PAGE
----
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If $A$ is dense in $(X,T)$ and $A$ is an $G_{\delta}$ set $A$ $= \bigcap _{n=1}^{\infty} B_n $ such that $B_n \in T$ $\Rightarrow B_n$ for each n is dense in $(X,T)$.

I have: $A$ $= \bigcap _{n=1}^{\infty} B_n $ $\Rightarrow$ $A$ $\subseteq \bigcap _{n=1}^{\infty} B_n $ $\Rightarrow \forall n \in \Bbb N, A \subseteq B_n$.

And any subset that contains a dense subset in X is dense in X.

I feel like I'm skipping something between the subset and the for all statements. Does this proof make sense or should I have more between the two statements?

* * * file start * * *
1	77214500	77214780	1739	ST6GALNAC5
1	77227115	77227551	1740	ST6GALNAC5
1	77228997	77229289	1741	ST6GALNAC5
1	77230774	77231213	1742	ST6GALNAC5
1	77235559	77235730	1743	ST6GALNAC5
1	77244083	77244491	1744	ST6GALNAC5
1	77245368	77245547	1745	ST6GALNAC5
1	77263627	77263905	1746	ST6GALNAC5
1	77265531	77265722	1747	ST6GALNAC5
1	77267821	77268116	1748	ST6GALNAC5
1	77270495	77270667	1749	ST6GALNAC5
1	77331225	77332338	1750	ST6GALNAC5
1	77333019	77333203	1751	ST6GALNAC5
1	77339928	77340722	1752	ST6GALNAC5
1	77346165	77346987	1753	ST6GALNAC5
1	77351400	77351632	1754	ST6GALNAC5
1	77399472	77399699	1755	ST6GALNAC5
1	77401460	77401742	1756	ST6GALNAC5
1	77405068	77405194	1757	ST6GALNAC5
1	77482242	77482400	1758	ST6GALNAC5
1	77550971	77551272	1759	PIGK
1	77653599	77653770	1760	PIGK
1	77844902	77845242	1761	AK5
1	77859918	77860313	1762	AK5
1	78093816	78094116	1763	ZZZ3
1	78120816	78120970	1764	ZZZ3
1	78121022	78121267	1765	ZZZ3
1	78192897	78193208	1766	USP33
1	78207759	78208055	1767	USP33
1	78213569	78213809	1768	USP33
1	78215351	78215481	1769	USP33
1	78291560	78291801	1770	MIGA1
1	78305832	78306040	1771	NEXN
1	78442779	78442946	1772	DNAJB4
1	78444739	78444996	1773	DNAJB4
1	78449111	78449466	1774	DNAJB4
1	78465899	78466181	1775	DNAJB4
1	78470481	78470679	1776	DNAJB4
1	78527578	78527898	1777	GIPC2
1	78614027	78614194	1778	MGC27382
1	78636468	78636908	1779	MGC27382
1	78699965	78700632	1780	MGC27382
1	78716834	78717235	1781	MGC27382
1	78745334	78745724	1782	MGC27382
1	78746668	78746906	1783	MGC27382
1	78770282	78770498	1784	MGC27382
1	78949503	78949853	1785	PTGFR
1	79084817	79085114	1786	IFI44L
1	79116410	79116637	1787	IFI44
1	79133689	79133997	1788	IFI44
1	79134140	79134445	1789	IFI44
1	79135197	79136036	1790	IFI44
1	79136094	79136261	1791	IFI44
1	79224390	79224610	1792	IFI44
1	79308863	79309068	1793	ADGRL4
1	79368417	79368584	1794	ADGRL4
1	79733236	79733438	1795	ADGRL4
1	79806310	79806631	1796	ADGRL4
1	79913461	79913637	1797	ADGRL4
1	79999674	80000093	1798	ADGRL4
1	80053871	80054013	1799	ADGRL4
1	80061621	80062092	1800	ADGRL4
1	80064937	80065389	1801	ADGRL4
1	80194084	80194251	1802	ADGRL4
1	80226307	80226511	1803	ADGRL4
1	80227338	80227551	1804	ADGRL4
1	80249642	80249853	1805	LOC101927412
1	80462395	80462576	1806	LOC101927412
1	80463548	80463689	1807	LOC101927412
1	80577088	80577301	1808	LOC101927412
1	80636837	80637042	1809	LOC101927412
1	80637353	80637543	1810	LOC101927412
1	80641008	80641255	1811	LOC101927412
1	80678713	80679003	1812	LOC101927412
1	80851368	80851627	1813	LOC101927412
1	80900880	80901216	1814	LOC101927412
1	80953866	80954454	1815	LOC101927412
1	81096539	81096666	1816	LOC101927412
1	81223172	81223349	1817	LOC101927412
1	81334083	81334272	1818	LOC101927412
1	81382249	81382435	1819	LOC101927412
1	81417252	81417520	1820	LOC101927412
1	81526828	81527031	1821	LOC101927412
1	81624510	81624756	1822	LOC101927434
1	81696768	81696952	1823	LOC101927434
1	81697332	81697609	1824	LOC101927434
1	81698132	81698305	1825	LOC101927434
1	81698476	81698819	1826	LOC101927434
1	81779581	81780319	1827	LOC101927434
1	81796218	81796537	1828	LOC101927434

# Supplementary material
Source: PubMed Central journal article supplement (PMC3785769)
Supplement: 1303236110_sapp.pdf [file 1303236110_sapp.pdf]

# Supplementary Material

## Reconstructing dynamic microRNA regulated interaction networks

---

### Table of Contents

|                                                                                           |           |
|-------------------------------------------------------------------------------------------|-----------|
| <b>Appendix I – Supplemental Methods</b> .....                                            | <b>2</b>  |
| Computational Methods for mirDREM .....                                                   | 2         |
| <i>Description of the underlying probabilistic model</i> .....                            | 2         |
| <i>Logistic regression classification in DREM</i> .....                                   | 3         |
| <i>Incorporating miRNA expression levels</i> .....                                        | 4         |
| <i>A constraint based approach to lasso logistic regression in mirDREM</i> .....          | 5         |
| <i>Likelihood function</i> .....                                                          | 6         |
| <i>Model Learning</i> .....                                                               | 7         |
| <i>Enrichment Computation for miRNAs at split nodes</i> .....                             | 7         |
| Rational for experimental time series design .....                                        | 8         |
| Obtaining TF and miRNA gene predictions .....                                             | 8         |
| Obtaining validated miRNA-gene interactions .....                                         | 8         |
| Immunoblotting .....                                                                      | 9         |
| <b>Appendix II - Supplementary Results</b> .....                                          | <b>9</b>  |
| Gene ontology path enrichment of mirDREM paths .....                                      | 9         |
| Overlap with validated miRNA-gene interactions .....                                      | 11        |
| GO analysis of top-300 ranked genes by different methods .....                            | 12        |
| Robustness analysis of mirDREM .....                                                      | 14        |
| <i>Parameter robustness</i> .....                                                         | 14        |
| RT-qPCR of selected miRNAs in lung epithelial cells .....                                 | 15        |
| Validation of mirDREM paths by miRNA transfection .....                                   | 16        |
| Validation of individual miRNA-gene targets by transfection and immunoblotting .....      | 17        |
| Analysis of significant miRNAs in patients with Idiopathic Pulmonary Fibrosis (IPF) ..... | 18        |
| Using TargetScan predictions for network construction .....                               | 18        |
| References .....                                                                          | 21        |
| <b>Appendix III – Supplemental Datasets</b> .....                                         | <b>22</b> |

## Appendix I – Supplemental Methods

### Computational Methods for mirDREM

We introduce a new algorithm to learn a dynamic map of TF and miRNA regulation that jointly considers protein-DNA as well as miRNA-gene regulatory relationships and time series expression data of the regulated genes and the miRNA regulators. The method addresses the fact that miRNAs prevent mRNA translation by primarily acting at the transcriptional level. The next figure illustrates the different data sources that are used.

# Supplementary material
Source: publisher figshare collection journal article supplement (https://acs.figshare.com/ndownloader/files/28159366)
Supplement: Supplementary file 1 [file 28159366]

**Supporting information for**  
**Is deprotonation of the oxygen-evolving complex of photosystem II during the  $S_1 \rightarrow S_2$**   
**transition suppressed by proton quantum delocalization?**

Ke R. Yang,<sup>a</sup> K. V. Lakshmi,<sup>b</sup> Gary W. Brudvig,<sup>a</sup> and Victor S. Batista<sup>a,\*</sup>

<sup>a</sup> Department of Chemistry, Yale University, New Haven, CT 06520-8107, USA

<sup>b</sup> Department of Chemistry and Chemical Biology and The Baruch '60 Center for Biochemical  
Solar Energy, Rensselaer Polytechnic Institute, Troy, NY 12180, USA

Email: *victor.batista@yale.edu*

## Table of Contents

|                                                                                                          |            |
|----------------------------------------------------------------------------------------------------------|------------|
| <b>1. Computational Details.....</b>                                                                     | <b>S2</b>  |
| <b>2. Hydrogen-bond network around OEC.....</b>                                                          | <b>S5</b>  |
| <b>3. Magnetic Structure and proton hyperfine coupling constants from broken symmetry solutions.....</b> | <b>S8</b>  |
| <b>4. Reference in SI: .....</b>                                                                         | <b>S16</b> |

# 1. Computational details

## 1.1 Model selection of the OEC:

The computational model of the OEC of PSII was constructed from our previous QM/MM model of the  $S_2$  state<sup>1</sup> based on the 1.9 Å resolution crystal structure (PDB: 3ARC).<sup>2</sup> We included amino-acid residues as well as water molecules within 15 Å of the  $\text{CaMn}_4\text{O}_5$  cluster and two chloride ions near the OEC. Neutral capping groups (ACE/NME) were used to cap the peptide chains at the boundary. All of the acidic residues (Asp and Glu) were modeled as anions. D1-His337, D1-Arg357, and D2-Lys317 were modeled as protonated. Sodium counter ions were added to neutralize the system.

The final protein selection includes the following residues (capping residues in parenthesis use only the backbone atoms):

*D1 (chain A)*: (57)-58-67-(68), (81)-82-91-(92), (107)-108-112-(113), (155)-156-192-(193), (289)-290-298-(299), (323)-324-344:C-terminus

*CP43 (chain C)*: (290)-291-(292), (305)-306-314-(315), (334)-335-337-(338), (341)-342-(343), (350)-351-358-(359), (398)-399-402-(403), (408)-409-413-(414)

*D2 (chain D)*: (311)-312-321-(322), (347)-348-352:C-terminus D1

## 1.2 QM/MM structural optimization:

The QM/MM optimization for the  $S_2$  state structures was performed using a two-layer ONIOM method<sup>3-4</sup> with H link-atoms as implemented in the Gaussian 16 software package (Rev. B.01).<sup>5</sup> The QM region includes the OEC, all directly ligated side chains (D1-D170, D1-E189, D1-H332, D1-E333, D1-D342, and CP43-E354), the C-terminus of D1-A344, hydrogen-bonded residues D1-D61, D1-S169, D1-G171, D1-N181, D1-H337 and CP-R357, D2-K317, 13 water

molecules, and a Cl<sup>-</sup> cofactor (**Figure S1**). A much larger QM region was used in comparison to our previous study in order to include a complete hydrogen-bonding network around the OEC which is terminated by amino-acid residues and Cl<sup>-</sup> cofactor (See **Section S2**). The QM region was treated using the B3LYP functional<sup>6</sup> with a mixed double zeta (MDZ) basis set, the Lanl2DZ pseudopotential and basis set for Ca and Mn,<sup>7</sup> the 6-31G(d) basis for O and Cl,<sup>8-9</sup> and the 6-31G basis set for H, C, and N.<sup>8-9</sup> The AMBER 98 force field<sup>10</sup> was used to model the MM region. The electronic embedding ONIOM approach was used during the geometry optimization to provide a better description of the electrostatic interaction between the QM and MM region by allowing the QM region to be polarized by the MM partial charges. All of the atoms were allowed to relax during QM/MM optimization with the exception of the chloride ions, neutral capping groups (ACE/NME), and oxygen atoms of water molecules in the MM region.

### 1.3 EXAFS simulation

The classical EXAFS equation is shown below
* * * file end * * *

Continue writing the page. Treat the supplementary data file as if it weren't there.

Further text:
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    $\begingroup$ It really is that easy. To say it a little more concisely, you need only observe that if $U$ is a non-empty open set, then for each $n\in\Bbb N$ we have $U\cap B_n\supseteq U\cap A\ne\varnothing$, so $B_n$ is dense in $X$. $\endgroup$ – Brian M. Scott May 29 '16 at 17:15
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You can conclude directly from $A = \bigcap_{n=1}^\infty B_n$ that $A \subseteq B_n$ for all $n$.

And so $X = \overline{A} \subseteq \overline{B_n} \subseteq X$ so $B_n$ is dense (expanding the comment about "any subset that contains a dense subset of $X$ is dense in $X$").

It really is that simple.

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